Shell’s share price gains have slowed this year, in parallel with a cooling in oil prices. Still, profits are up, with the company delivering a record-breaking set of first-quarter earnings. But profiteering from fossil-fuels has attracted plenty of flak from both climate protesters and institutional investors. How much of a threat is this to the share price?
Year-to-date, Shell’s [SHEL.L] share price is up 1.14%, closing Friday, 26 May, at 2,352.5p. Over the two-year period, the stock is up over 74%, with a large chunk of those gains coinciding with Russia’s invasion of Ukraine and the subsequent hike in oil and gas prices.
This year there has been a change at the top of Shell, with Wael Sawan taking over as CEO in January. Since Sawan took the top job there have been signs that the company is prioritising short-term returns over green initiatives. This reflects a wider trend in the oil industry as it emerges from the pandemic when demand all but cratered. Rival BP [BP.L] said it would scale back its own climate goals after profits doubled to $28bn last year.
Unsurprisingly, some institutional investors and climate protesters are not happy about the pivot back towards fossil fuels. But will the protesters be able to influence the Shell share price?
Shell posts record Q1 profits
Shell delivered record first quarter (Q1) profits in early May, with profits of $9.6bn, topping analyst expectations of around $8bn Fuelling the robust numbers were trading and LNG production, which helped to offset a softening in fossil fuel prices.
Shell also announced a $4bn share buyback, bringing expected shareholder distributions in the first half of the year to $12bn.
This is a good set of results for the new CEO, who has promised to close the valuation gap between Shell and US rivals.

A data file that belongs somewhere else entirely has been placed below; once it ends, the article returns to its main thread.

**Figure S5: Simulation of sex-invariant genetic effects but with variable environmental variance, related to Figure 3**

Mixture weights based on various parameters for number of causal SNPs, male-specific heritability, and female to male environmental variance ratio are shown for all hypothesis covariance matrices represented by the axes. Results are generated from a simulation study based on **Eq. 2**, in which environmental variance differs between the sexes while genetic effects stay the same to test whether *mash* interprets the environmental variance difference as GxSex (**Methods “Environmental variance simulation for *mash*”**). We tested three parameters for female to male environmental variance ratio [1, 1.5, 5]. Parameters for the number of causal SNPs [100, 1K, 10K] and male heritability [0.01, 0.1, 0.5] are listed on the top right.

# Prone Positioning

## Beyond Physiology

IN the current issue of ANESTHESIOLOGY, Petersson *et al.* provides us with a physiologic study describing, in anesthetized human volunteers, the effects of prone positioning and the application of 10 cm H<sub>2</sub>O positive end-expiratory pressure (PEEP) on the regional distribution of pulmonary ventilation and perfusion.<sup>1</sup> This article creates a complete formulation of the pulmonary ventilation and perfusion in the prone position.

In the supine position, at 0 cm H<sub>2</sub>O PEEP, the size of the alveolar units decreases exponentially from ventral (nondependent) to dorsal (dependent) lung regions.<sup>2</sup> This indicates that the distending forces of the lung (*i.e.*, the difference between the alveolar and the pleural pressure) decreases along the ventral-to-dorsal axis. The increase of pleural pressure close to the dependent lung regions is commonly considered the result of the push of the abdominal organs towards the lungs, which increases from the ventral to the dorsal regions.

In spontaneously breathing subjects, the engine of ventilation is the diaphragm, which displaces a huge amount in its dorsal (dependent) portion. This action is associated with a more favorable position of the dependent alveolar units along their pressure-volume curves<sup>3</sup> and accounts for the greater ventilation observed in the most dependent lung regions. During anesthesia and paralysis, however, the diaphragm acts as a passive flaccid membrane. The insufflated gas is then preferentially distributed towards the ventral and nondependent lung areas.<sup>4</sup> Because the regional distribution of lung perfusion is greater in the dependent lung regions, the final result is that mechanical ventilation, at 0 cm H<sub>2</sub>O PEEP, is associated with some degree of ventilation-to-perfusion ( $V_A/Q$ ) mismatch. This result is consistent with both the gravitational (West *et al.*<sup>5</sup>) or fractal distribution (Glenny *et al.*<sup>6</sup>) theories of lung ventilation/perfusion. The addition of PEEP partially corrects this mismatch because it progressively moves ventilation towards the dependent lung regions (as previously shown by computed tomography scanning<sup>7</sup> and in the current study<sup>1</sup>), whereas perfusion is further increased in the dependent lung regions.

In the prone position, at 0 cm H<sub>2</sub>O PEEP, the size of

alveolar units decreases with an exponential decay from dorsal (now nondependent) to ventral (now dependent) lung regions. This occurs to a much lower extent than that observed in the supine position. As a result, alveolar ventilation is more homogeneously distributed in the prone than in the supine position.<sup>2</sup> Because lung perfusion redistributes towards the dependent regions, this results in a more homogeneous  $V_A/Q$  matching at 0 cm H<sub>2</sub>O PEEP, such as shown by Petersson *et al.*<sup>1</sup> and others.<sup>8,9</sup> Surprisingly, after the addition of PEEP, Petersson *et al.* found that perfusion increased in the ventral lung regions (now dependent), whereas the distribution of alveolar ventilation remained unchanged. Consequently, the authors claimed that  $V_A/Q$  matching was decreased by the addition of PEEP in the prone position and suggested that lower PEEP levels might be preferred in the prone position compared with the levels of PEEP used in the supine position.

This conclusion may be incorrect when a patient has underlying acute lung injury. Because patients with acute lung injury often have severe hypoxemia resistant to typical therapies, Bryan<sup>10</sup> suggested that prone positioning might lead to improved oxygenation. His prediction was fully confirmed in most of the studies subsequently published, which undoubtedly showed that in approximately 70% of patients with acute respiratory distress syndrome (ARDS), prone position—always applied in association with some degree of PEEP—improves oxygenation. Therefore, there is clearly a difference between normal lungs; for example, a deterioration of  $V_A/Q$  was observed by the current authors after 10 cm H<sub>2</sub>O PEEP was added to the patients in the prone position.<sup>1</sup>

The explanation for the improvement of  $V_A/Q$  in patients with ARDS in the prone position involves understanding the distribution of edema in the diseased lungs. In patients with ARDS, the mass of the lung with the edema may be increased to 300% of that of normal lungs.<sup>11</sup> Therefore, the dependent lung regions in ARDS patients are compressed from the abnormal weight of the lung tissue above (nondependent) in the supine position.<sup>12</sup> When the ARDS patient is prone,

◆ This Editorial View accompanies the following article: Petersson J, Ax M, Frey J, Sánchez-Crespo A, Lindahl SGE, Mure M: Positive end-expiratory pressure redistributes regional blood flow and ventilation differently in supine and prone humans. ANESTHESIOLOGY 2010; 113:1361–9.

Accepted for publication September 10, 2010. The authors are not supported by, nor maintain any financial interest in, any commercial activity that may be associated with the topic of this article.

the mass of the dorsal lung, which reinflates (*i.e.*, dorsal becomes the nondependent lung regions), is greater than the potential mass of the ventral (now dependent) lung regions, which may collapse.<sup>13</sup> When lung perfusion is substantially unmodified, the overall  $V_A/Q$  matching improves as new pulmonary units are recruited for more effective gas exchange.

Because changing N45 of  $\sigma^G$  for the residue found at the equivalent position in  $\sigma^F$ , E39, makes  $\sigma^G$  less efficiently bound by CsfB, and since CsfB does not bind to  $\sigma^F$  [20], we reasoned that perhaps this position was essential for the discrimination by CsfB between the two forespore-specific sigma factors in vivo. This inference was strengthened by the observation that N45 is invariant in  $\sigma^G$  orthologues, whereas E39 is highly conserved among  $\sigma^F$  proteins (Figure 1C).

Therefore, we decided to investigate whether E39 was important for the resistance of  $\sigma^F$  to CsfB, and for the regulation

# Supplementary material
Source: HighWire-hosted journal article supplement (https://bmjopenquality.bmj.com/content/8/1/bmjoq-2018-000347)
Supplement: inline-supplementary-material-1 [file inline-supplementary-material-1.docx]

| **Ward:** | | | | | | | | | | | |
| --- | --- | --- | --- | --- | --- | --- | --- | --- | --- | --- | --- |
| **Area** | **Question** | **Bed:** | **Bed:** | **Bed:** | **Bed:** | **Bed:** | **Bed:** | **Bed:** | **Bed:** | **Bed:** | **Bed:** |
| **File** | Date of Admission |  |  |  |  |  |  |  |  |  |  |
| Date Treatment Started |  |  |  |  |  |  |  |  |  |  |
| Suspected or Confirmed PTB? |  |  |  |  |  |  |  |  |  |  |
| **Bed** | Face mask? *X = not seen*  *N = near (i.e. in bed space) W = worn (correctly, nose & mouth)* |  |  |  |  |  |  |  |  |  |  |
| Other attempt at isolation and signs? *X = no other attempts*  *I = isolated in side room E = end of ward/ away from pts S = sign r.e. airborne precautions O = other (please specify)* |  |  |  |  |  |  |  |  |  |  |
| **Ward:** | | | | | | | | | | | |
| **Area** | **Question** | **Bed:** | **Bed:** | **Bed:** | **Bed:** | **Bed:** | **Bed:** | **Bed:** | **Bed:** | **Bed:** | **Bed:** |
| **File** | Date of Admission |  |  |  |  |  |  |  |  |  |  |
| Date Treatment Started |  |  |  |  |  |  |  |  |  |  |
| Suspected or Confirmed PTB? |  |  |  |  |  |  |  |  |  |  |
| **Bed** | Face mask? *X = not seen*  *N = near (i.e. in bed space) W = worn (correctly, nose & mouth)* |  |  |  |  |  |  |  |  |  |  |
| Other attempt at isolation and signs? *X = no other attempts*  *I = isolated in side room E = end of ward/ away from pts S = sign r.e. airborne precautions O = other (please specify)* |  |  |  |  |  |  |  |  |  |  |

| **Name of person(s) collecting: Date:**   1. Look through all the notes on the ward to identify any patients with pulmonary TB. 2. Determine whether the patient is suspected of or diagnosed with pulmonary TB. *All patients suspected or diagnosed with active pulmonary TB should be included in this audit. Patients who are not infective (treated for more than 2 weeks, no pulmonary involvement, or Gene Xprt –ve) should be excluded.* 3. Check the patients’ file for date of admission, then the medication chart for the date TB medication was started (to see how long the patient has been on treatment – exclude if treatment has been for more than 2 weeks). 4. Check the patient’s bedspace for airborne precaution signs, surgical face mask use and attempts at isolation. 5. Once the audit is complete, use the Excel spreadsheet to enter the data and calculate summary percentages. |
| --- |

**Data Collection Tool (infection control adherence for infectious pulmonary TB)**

“We do see a significant undervaluation in the Shell share, and we are working hard as a management team to be able to plug that gap,” said Sawan following the publication of the Q1 results.
Shell comes in for flak at AGM
Shell’s AGM on 23 May descended into farce as climate protesters delayed its start by over an hour. At the meeting, shareholders rejected new targets for carbon emissions that had been tabled by campaign group Follow This.
The resolution called for Shell to align its ESG goals with the Paris Agreement. Dutch pension managers MN and PGGM have both backed the resolution, which Shell criticised as being “unclear” and “generic”. Shell’s shareholders voted against the resolution by 79.8% to 20.2%.
Other voices demanding change include institutional investors the Church of England Pensions Board, the UK’s Local Authority Pension Fund Forum and its National Employment Savings Trust, and shareholder advisor PIRC, all of whom said they would vote against the reappointment of Shell chairman Andrew Mackenzie.
In Shell’s defence, the company invested $3.5bn in its renewables unit in 2022, but this is a fraction of its total capital spending of $25bn. Under previous boss Ben van Beurden, the company had promised to reduce oil production by 1% to 2% annually by 2030. But current CEO Wael Sawan told the Times in March that this target was under review.
Where next for Shell’s share price?
A focus on oil profits will help Shell’s bottom line, especially while energy prices remain heightened. Longer-term, the danger is that, without meaningful change, it and other oil companies will come to be seen as the new tobacco companies.
The events at Shell’s AGM, where a fifth of shareholders voted for the Follow This resolution, shows that environmental issues are no longer the preserve of protestors.
Whether this translates beyond negative headlines is unclear. In the short-term, at least, Shell’s share price is more likely to be influenced by what’s happening in the oil markets.
In the meantime, analysts see some upside in Shell’s share price. Jefferies analyst Giacomo Romeo has a ‘buy’ rating on the stock to go with his 3,000p price target. Among the rest of the analysts, Shell’s share price has a 2,933.3p target, suggesting a 24.7% upside.